What? As near as I can understand, her run was shown purely because she was right in front of the American and they didn't want to make it too obvious that they really, really, wanted to show the US athlete in 10th.

Now, I'm not one to ding NBC for showing US competitors that are way back: If I was in France, I'd want the TV locked on to a French athlete in 27th place. But I would also want them to actually show the medaling runs. And that's why I hated what happened next.

NBC skipped the runs for the 9th through 5th competitors, jumping straight to Noelle Pikus-Pace in 4th. Now the competitor in 5th was only 3 tenths of a second behind the Canadian in 2nd, so she was definitely a medal competitor. And they skipped her so: they could show 11th? A second interview with Lysacek? That was just wrong.

True to form, the Canadian made a few small errors at the top and the German whose run we didn't get to see took the bronze. Very exciting. Would have been more exciting if we had actually GOTTEN TO SEE IT, NBC!

Of course, I may be biased myself. The German's name: Anja Huber.

Sunday, February 14, 2010

Luck and the Olympian

I've always loved watching the Olympics, Winter and Summer. For two weeks every few years, I get to see sports that otherwise I wouldn't even know existed.

It is also a sobering reminder of the importance of luck.

Olympians train constantly. To be the best in the world in anything, you have to push yourself as hard as you can. But even with daily training, the best coaches, the best equipment, and the best attitude, luck still plays a role.

My first refresher course on the power of luck came on Saturday, as Apolo Ohno and J.R. Celski appeared certain to take the 4th and 5th spots in the men's 1500m short track competition. The Koreans had taken the first, second, and third places, and looked destined for a medal sweep.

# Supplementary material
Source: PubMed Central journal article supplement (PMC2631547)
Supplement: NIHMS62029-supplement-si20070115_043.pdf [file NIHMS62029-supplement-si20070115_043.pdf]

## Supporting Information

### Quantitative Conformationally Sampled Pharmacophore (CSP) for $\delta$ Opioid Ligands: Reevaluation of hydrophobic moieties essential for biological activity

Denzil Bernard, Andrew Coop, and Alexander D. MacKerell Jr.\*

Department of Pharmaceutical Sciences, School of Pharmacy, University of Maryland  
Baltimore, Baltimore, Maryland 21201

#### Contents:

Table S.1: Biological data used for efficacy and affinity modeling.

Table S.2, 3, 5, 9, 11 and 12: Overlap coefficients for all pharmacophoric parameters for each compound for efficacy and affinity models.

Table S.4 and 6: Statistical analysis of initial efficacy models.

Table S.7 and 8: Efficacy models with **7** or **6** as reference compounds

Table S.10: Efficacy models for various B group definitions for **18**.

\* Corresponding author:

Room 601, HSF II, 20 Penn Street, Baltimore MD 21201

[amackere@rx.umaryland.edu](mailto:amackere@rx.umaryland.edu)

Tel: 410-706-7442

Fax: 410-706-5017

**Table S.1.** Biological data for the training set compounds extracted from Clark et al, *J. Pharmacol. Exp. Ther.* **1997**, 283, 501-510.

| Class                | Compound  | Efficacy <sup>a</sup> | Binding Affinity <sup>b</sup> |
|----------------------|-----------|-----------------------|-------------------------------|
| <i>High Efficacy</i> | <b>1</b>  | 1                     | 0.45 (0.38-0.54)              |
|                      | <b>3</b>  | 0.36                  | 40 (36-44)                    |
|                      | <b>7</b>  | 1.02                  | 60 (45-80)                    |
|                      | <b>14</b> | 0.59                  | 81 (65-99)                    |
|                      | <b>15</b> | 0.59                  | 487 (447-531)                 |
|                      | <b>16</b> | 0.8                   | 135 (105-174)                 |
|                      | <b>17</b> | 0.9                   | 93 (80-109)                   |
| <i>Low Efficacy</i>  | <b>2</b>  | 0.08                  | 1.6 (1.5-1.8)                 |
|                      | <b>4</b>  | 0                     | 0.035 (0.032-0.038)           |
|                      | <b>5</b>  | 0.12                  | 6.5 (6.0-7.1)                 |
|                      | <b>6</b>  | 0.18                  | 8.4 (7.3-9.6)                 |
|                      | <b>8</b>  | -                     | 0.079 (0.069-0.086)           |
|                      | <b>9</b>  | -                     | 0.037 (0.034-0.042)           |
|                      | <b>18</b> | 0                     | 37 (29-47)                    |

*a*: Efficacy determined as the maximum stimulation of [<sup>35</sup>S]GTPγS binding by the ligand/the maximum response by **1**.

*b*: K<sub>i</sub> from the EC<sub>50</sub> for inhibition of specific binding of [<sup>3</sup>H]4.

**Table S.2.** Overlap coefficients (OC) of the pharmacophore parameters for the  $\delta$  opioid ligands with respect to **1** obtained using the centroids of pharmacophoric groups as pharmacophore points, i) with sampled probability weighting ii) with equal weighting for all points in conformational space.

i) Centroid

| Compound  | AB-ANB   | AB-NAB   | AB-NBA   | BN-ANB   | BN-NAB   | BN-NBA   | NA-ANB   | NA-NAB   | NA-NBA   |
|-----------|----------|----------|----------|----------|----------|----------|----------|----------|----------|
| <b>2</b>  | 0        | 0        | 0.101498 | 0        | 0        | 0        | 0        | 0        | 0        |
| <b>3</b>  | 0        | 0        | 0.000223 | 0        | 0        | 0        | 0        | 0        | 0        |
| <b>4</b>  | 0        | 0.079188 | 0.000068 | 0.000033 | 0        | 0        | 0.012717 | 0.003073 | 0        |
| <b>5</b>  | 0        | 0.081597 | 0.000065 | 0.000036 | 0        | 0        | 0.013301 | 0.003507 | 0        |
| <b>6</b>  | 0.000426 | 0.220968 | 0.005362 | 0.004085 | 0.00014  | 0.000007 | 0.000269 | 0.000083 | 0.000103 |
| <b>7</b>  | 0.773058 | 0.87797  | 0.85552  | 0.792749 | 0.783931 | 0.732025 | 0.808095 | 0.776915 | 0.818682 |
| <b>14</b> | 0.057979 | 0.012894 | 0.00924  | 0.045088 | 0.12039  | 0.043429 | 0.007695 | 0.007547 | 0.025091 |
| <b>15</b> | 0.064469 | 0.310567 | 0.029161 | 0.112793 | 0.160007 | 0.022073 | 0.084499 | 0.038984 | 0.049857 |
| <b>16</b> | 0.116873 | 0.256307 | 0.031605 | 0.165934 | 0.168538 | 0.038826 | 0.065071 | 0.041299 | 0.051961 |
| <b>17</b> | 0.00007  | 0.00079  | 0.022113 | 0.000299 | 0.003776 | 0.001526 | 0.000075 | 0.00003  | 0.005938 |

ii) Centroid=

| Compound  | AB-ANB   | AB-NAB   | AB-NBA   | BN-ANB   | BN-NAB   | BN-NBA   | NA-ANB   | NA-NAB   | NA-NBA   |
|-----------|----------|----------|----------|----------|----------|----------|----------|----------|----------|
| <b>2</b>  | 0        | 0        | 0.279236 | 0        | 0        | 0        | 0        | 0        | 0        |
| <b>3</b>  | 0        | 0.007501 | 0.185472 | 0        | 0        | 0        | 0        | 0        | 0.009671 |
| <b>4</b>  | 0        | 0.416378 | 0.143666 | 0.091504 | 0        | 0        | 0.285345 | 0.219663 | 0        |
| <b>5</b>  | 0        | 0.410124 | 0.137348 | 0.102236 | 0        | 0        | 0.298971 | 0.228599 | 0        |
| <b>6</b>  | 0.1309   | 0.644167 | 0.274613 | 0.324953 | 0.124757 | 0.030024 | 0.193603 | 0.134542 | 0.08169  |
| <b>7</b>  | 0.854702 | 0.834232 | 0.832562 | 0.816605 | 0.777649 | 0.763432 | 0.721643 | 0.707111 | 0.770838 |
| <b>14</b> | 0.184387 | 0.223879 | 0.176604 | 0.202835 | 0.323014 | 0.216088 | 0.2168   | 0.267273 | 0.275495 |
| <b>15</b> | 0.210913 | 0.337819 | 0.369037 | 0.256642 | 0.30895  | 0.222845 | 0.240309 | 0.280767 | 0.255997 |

Then the unthinkable--a poorly executed pass tripped up two of the Koreans and took them out of the race. In the blink of an eye Ohno and Celski took silver and bronze, an amazing reversal of events.

Then came the men's 10km sprint biathlon, the wonderful event combining cross country skiing with target shooting. The competition started as usual, with the competitors let onto the track spaced out at intervals of 30 seconds. But then, a few minutes in to the race, it started to snow. And it wasn't light and fluffy either, but wet and deadly to the later competitors. You could train all you want, but if you weren't one of the first ten competitors, you weren't going to win a medal.

Of course, without all the preparation, without the work and the dedication, you never get a shot at the Olympics in the first place. Luck isn't about bemoaning what happens to you, it is about being ready to take whatever life throws at you. As my favorite fictional designer once said, "Luck favors the prepared, darling."

Sunday, February 7, 2010

Super Bowl XLIV!

Once again, the game has upended my expectations and proved more exciting than the commercials!

Still there were a few winners. The baby Etrader commercials continue to impress while GoDaddy continues to underwhelm. But for me the winner was Google's ad.

The best ads are short films, entire stories mapped into 52 seconds. And in that respect, Google has created a new art form: the short story told entirely through Google searches. The epistolary novel form tells a story entirely through letters, but that's the closest I've seen to this form.

Like many people, Google searches have become an indispensable part of my life, pointing the way to resources for work and play, telling me where to go and surprising me with the amount of information that is out in the world. Since they rule the search market, they rarely advertise, and so it was nice to see them land such a nice ad on their first shot at the biggest show in town.